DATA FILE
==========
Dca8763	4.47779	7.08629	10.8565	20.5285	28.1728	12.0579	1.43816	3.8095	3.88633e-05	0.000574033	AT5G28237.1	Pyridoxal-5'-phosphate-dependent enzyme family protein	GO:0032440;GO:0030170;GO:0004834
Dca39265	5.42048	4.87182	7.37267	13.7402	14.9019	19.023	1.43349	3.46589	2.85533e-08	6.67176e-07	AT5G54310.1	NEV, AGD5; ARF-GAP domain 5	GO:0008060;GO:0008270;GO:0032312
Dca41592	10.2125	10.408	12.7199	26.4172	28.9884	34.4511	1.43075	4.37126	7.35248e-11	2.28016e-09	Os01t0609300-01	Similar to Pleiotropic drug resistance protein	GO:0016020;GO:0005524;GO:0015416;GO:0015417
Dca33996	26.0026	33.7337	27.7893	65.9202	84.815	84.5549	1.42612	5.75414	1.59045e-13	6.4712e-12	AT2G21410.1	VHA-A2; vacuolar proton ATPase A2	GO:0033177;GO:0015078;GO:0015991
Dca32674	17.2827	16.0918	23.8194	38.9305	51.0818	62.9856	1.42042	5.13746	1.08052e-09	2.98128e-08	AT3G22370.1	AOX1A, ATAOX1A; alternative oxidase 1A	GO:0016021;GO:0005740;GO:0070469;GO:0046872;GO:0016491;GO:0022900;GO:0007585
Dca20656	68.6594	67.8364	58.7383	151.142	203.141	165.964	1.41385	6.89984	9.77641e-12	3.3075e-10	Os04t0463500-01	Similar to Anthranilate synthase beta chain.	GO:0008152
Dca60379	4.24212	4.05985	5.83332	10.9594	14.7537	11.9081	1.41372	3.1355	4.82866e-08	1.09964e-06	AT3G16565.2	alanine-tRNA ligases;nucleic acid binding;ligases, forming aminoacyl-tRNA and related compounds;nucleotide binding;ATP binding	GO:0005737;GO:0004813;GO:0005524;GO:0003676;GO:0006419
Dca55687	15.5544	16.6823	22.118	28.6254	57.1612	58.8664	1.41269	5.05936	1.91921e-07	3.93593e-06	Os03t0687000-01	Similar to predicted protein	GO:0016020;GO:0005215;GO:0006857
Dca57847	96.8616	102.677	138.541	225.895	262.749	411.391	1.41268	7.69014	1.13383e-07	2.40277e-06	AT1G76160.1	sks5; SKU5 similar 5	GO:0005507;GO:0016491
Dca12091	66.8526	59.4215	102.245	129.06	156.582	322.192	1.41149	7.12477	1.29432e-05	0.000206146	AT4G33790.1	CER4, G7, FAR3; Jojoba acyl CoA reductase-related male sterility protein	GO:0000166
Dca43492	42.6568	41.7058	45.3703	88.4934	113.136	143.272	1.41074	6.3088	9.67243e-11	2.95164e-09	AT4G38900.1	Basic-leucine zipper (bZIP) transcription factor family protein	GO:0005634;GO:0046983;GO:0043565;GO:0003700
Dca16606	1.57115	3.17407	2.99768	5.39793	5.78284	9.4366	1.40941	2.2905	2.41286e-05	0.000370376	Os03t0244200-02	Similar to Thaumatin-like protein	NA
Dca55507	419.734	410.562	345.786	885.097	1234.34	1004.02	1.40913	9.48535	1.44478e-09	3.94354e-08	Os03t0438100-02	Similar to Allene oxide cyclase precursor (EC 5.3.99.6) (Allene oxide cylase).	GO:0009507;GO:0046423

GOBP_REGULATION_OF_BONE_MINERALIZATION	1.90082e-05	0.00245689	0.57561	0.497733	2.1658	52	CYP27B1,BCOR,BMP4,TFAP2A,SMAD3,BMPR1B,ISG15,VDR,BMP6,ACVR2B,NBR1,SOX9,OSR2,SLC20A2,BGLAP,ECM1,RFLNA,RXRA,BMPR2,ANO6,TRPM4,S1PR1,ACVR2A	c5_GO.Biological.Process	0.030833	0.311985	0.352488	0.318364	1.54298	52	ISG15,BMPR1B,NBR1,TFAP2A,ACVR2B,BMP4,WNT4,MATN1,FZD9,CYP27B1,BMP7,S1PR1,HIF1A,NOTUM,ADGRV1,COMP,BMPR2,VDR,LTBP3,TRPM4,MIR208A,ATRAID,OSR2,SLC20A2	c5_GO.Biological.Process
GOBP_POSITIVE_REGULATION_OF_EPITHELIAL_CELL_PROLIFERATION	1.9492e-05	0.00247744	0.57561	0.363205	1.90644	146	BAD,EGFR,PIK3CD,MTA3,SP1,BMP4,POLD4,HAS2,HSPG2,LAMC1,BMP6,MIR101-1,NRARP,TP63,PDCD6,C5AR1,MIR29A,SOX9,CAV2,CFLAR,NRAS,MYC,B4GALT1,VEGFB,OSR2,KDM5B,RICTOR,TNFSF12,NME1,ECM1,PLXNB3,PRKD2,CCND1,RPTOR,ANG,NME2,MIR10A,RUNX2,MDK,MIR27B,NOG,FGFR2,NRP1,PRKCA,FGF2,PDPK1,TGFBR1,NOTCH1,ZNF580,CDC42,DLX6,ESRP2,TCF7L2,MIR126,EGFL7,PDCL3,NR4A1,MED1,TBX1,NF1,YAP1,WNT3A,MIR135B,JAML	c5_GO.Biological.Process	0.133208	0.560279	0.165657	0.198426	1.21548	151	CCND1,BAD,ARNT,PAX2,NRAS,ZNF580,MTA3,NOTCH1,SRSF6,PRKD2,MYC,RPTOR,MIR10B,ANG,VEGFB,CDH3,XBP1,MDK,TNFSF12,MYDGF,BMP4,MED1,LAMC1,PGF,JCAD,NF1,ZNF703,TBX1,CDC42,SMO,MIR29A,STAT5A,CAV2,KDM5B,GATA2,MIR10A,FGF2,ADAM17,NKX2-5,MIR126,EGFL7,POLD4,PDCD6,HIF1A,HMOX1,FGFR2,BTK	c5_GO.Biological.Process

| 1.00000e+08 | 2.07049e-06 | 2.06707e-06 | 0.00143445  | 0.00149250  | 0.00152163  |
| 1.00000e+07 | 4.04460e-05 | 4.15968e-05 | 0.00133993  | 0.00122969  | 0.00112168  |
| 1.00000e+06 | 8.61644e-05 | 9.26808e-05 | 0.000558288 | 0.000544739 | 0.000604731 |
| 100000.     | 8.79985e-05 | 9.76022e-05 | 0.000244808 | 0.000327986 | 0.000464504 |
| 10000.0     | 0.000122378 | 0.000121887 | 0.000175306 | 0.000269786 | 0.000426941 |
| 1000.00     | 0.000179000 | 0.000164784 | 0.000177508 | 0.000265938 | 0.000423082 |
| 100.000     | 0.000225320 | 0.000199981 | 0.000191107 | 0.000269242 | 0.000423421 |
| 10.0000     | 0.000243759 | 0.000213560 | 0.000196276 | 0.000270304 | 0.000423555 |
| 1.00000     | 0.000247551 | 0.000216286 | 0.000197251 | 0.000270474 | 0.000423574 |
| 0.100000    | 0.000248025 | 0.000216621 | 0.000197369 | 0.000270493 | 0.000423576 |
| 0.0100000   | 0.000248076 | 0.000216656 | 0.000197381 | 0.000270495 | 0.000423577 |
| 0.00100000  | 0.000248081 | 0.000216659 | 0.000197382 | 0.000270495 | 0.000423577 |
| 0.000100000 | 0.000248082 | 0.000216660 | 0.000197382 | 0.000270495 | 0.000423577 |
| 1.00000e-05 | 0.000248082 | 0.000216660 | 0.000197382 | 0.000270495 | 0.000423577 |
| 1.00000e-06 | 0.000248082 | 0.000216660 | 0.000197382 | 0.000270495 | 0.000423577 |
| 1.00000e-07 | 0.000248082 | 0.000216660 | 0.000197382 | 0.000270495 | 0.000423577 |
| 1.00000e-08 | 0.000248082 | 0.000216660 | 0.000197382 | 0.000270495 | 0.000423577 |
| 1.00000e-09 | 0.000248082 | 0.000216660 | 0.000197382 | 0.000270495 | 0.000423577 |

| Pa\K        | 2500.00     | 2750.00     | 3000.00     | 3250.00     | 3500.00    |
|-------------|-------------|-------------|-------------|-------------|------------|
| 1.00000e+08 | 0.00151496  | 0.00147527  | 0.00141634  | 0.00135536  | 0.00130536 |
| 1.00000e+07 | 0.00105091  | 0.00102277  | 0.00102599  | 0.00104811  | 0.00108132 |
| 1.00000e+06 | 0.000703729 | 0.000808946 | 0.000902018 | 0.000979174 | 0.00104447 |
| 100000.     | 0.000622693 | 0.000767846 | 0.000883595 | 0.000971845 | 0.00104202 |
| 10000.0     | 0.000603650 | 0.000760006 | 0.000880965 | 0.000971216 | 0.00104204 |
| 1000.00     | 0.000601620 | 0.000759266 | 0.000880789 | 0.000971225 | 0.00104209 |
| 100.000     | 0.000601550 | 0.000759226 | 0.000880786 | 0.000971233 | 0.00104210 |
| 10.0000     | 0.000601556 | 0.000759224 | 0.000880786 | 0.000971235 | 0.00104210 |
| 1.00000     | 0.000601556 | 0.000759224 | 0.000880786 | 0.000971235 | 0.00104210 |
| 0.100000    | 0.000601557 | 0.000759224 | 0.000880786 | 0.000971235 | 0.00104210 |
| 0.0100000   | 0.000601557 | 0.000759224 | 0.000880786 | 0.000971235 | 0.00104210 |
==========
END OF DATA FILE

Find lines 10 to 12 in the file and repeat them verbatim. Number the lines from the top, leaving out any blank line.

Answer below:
Dca12091	66.8526	59.4215	102.245	129.06	156.582	322.192	1.41149	7.12477	1.29432e-05	0.000206146	AT4G33790.1	CER4, G7, FAR3; Jojoba acyl CoA reductase-related male sterility protein	GO:0000166
Dca43492	42.6568	41.7058	45.3703	88.4934	113.136	143.272	1.41074	6.3088	9.67243e-11	2.95164e-09	AT4G38900.1	Basic-leucine zipper (bZIP) transcription factor family protein	GO:0005634;GO:0046983;GO:0043565;GO:0003700
Dca16606	1.57115	3.17407	2.99768	5.39793	5.78284	9.4366	1.40941	2.2905	2.41286e-05	0.000370376	Os03t0244200-02	Similar to Thaumatin-like protein	NA